Hawai‘i Joins Coalition to Protect Dreamers & Preserve DACA
Hawai‘i Attorney General Russell Suzuki—part of a coalition of 20 Attorneys General—filed an Amicus Brief seeking to protect Deferred Action for Early Childhood Arrivals (DACA) grantees.
The brief was filed in Texas v. United States, a case being heard in the District Court for the Southern District of Texas, in which certain states are challenging the lawfulness of the DACA program. The brief was led by the Attorneys General of New York and California, and was joined by the Attorneys General of Connecticut, Delaware, Hawai‘i, Illinois, Iowa, Maine, Maryland, Massachusetts, Minnesota, New Mexico, North Carolina, Oregon, Pennsylvania, Rhode Island, Virginia, Vermont, Washington and the District of Columbia.
The brief filed by the Attorneys General argues that the Texas plaintiffs cannot make the legal showing required to obtain a preliminary injunction, and that the requested preliminary injunction should not be granted because it would conflict with the two existing preliminary injunctions issued by courts in the Northern District of California and the Eastern District of New York.
Specifically, the brief argues that the Texas plaintiffs cannot show a likelihood of success on the merits or that they will be irreparably harmed if DACA is not enjoined; and that the balance of the equities and the public interest weigh against granting the Texas plaintiffs’ requested preliminary injunction.
As the Attorneys General detail in their brief and prior lawsuits in defense of DACA, rescinding DACA wouldn’t just devastate the lives of the grantees who rely on the program; it would also harm communities, employers, and educational institutions that depend on the contributions of the DACA grantees, including state employers and state institutions—as two district courts have already concluded, noting that the States would suffer “staggering” and “irreversible” economic and social harms.
The loss of work authorization by DACA grantees would deprive the amici States of highly qualified employees, including faculty at state universities, nurses, information technology specialists, and public safety officers. State-run educational institutions would lose students and revenue, hindering their ability to promote critical programming. Additionally, state and local governments would lose out on the hundreds of millions of dollars in state and local taxes that DACA grantees pay each year. According to CITATION, without DACA, the Gross Domestic Product would be $460.3 billion less over the next decade, while Social Security and Medicaid tax receipts would drop $24.6 billion.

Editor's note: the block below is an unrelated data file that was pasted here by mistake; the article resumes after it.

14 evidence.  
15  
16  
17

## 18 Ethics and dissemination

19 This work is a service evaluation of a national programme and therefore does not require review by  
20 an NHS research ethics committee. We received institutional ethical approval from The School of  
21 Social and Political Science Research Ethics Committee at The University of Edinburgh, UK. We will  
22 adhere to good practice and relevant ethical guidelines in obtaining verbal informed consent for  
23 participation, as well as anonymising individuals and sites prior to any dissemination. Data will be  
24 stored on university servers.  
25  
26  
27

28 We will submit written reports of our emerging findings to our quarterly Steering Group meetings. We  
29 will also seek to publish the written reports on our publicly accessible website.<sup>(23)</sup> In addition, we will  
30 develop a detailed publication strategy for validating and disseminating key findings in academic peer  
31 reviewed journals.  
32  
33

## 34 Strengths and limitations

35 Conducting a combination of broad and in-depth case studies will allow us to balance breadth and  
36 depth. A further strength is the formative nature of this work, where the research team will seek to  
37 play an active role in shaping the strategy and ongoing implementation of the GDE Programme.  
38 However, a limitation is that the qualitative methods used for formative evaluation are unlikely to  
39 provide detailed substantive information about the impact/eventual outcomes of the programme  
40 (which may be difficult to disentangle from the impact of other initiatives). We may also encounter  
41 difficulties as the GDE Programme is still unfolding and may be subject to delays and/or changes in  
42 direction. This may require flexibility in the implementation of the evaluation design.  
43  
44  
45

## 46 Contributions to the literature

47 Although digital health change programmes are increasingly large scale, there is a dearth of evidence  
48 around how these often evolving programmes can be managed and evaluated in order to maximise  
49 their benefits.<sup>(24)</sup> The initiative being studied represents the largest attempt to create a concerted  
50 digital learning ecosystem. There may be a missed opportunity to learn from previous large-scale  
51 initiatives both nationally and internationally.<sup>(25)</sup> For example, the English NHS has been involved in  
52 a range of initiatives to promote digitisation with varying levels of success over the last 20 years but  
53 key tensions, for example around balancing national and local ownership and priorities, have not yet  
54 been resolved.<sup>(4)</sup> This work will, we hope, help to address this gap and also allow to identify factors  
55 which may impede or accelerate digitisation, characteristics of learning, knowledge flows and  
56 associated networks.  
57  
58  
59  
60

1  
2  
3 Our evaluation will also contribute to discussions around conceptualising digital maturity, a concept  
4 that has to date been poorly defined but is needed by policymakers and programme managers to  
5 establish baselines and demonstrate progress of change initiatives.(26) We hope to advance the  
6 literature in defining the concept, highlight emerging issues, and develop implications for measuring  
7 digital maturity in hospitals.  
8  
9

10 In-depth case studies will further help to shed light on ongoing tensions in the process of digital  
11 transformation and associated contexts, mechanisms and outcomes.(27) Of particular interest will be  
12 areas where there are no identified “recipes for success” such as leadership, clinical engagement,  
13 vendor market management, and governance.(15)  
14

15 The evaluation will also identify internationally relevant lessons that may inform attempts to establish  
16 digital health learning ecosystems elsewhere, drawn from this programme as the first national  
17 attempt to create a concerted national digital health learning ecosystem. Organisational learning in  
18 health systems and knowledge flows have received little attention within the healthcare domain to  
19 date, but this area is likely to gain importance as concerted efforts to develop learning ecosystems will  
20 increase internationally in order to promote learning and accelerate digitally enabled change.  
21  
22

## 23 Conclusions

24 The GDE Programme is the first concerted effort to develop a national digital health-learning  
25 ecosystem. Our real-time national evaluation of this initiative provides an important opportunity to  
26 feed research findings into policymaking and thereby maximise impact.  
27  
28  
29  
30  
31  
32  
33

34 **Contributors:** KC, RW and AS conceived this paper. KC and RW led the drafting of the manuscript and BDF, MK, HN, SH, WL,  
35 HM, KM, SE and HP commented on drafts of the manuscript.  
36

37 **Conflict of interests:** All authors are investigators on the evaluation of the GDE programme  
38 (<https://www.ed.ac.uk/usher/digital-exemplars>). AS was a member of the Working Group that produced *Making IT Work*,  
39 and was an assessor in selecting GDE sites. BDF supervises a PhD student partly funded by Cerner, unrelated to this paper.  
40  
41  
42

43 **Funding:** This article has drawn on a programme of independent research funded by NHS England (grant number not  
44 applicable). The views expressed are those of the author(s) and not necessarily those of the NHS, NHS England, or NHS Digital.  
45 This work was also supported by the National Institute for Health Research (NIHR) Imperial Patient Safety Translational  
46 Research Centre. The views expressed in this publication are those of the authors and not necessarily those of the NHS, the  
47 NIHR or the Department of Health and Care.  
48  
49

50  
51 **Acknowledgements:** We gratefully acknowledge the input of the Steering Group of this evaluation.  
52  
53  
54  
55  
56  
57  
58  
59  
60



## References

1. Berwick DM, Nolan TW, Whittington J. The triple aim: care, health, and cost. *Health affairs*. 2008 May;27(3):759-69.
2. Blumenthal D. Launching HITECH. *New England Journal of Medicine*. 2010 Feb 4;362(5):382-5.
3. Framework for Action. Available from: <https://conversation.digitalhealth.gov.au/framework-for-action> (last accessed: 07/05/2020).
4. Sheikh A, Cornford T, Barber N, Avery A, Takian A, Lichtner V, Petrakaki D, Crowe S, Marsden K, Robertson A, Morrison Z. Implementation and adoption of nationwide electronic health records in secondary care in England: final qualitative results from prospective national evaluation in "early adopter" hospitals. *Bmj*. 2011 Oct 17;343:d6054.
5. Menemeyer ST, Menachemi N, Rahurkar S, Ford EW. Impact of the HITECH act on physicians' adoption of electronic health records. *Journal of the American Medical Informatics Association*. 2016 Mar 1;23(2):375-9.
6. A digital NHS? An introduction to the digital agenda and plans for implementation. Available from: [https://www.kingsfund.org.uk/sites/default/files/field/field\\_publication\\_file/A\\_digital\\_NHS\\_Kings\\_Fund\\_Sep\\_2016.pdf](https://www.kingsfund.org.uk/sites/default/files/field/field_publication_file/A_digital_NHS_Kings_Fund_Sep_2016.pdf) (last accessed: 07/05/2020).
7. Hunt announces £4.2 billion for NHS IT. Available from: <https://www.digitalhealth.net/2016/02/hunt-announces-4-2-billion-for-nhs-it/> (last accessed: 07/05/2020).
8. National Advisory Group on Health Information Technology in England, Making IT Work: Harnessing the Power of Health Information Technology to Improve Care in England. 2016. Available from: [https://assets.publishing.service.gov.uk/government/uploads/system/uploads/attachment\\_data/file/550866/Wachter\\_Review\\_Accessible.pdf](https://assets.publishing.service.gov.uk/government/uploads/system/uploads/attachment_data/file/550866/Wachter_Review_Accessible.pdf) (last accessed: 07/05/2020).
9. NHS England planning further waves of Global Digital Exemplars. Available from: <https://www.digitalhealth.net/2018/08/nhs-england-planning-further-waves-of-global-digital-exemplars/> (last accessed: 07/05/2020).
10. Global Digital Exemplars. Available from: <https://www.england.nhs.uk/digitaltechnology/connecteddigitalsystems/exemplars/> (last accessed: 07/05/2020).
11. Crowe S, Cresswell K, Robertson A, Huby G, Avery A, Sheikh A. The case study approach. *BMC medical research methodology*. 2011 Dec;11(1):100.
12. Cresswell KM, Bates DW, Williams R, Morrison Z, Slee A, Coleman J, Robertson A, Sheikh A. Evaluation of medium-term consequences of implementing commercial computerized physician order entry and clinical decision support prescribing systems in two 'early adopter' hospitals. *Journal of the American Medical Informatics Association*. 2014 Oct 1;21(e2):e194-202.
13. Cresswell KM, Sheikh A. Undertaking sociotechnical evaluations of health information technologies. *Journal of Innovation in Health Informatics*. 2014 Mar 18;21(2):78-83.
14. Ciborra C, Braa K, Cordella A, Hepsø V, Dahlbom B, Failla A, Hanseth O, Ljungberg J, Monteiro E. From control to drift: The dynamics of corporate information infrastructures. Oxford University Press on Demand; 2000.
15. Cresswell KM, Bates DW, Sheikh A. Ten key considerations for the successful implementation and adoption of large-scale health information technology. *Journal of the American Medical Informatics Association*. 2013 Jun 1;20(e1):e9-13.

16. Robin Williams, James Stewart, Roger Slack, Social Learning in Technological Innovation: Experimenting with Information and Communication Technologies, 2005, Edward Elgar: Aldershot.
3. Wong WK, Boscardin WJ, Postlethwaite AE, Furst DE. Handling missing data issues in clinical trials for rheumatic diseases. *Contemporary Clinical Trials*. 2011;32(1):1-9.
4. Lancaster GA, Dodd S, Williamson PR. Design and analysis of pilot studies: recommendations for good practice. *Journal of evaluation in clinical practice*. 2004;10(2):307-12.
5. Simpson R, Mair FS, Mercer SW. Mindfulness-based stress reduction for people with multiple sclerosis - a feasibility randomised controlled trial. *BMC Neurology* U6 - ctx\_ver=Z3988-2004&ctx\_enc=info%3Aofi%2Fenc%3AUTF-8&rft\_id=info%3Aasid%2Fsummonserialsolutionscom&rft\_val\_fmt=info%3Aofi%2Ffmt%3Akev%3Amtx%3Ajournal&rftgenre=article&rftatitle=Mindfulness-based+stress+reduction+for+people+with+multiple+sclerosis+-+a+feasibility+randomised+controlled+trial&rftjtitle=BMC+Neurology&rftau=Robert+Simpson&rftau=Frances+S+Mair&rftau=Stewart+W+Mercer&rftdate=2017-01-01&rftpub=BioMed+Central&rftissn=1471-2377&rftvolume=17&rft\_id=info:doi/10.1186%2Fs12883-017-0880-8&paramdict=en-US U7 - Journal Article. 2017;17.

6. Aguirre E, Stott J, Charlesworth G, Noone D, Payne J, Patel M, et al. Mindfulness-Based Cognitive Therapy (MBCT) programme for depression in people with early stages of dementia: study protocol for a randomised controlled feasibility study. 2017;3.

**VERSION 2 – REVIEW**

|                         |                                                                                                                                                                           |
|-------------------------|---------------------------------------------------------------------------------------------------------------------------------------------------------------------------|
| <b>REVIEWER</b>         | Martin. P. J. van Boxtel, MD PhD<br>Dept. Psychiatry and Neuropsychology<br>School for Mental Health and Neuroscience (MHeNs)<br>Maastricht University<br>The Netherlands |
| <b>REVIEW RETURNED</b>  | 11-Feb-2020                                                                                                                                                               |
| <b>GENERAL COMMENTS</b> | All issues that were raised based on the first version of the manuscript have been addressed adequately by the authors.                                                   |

“As two district courts have now found, ending DACA would injure the amici States as employers, providers of health services, and proprietors of public universities,” the brief states. “It would also cause the amici States to lose many millions of dollars in tax revenue.”
“In contrast, the harms asserted by the plaintiff States are either illusory or result from factors other than DACA, such as the mere presence of undocumented immigrants or the ancillary consequences of deferred action under decades-old federal regulations and policies. Indeed, the federal government began DACA in 2012, yet plaintiffs waited until 2018 to file this suit—a delay of nearly six years that undermines any claim of immediate, irreparable injury warranting a preliminary injunction. The nationwide injunction that plaintiffs seek is inappropriate for other reasons too: for example, that injunction would directly conflict with preliminary injunctions that two separate district courts have issued in favor of the amici States after rejecting DHS’s claims that DACA is unlawful.”